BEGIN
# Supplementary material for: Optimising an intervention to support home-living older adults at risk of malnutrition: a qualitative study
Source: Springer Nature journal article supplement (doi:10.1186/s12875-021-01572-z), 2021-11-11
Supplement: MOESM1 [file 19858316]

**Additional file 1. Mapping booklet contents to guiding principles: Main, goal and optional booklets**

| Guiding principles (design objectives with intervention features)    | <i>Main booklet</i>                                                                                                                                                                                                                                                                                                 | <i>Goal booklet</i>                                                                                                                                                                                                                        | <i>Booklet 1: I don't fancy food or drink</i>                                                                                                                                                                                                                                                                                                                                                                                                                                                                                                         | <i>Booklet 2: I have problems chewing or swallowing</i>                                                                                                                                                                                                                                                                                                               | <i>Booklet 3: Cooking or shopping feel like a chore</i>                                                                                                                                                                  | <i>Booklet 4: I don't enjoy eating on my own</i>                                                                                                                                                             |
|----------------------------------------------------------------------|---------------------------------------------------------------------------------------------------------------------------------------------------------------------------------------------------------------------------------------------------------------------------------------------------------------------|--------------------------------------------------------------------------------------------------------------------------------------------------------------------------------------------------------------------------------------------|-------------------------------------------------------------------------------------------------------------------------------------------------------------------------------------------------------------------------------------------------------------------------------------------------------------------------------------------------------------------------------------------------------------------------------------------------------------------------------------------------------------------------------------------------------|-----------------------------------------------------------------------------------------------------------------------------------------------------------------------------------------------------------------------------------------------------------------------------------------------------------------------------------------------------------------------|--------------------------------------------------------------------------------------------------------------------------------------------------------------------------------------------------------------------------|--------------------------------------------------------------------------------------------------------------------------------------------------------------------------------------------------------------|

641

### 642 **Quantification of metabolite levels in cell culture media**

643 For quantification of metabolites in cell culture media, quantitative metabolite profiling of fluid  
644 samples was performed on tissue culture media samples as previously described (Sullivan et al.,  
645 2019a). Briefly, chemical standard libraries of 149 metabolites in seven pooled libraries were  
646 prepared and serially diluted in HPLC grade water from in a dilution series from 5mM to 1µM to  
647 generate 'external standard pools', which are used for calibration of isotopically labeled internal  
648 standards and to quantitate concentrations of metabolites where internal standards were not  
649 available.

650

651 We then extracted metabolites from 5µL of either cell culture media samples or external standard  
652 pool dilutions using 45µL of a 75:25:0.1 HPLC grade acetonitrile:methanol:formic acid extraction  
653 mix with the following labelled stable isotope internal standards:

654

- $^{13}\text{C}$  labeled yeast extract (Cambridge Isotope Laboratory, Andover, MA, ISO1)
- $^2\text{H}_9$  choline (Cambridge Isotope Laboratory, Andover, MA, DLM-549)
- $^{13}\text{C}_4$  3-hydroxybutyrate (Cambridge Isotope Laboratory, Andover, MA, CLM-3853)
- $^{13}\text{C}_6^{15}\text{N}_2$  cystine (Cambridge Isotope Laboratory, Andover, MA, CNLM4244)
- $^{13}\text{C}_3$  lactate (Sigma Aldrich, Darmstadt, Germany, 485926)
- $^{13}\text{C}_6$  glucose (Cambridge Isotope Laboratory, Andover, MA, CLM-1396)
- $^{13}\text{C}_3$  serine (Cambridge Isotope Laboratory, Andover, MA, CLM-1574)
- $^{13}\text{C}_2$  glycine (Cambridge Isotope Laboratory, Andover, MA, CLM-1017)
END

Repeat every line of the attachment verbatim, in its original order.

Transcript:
# Supplementary material for: Optimising an intervention to support home-living older adults at risk of malnutrition: a qualitative study
Source: Springer Nature journal article supplement (doi:10.1186/s12875-021-01572-z), 2021-11-11
Supplement: MOESM1 [file 19858316]

**Additional file 1. Mapping booklet contents to guiding principles: Main, goal and optional booklets**

| Guiding principles (design objectives with intervention features)    | <i>Main booklet</i>                                                                                                                                                                                                                                                                                                 | <i>Goal booklet</i>                                                                                                                                                                                                                        | <i>Booklet 1: I don't fancy food or drink</i>                                                                                                                                                                                                                                                                                                                                                                                                                                                                                                         | <i>Booklet 2: I have problems chewing or swallowing</i>                                                                                                                                                                                                                                                                                                               | <i>Booklet 3: Cooking or shopping feel like a chore</i>                                                                                                                                                                  | <i>Booklet 4: I don't enjoy eating on my own</i>                                                                                                                                                             |
|----------------------------------------------------------------------|---------------------------------------------------------------------------------------------------------------------------------------------------------------------------------------------------------------------------------------------------------------------------------------------------------------------|--------------------------------------------------------------------------------------------------------------------------------------------------------------------------------------------------------------------------------------------|-------------------------------------------------------------------------------------------------------------------------------------------------------------------------------------------------------------------------------------------------------------------------------------------------------------------------------------------------------------------------------------------------------------------------------------------------------------------------------------------------------------------------------------------------------|-----------------------------------------------------------------------------------------------------------------------------------------------------------------------------------------------------------------------------------------------------------------------------------------------------------------------------------------------------------------------|--------------------------------------------------------------------------------------------------------------------------------------------------------------------------------------------------------------------------|--------------------------------------------------------------------------------------------------------------------------------------------------------------------------------------------------------------|

641

### 642 **Quantification of metabolite levels in cell culture media**

643 For quantification of metabolites in cell culture media, quantitative metabolite profiling of fluid  
644 samples was performed on tissue culture media samples as previously described (Sullivan et al.,  
645 2019a). Briefly, chemical standard libraries of 149 metabolites in seven pooled libraries were  
646 prepared and serially diluted in HPLC grade water from in a dilution series from 5mM to 1µM to  
647 generate 'external standard pools', which are used for calibration of isotopically labeled internal  
648 standards and to quantitate concentrations of metabolites where internal standards were not  
649 available.

650

651 We then extracted metabolites from 5µL of either cell culture media samples or external standard  
652 pool dilutions using 45µL of a 75:25:0.1 HPLC grade acetonitrile:methanol:formic acid extraction  
653 mix with the following labelled stable isotope internal standards:

654

- $^{13}\text{C}$  labeled yeast extract (Cambridge Isotope Laboratory, Andover, MA, ISO1)
- $^2\text{H}_9$  choline (Cambridge Isotope Laboratory, Andover, MA, DLM-549)
- $^{13}\text{C}_4$  3-hydroxybutyrate (Cambridge Isotope Laboratory, Andover, MA, CLM-3853)
- $^{13}\text{C}_6^{15}\text{N}_2$  cystine (Cambridge Isotope Laboratory, Andover, MA, CNLM4244)
- $^{13}\text{C}_3$  lactate (Sigma Aldrich, Darmstadt, Germany, 485926)
- $^{13}\text{C}_6$  glucose (Cambridge Isotope Laboratory, Andover, MA, CLM-1396)
- $^{13}\text{C}_3$  serine (Cambridge Isotope Laboratory, Andover, MA, CLM-1574)
- $^{13}\text{C}_2$  glycine (Cambridge Isotope Laboratory, Andover, MA, CLM-1017)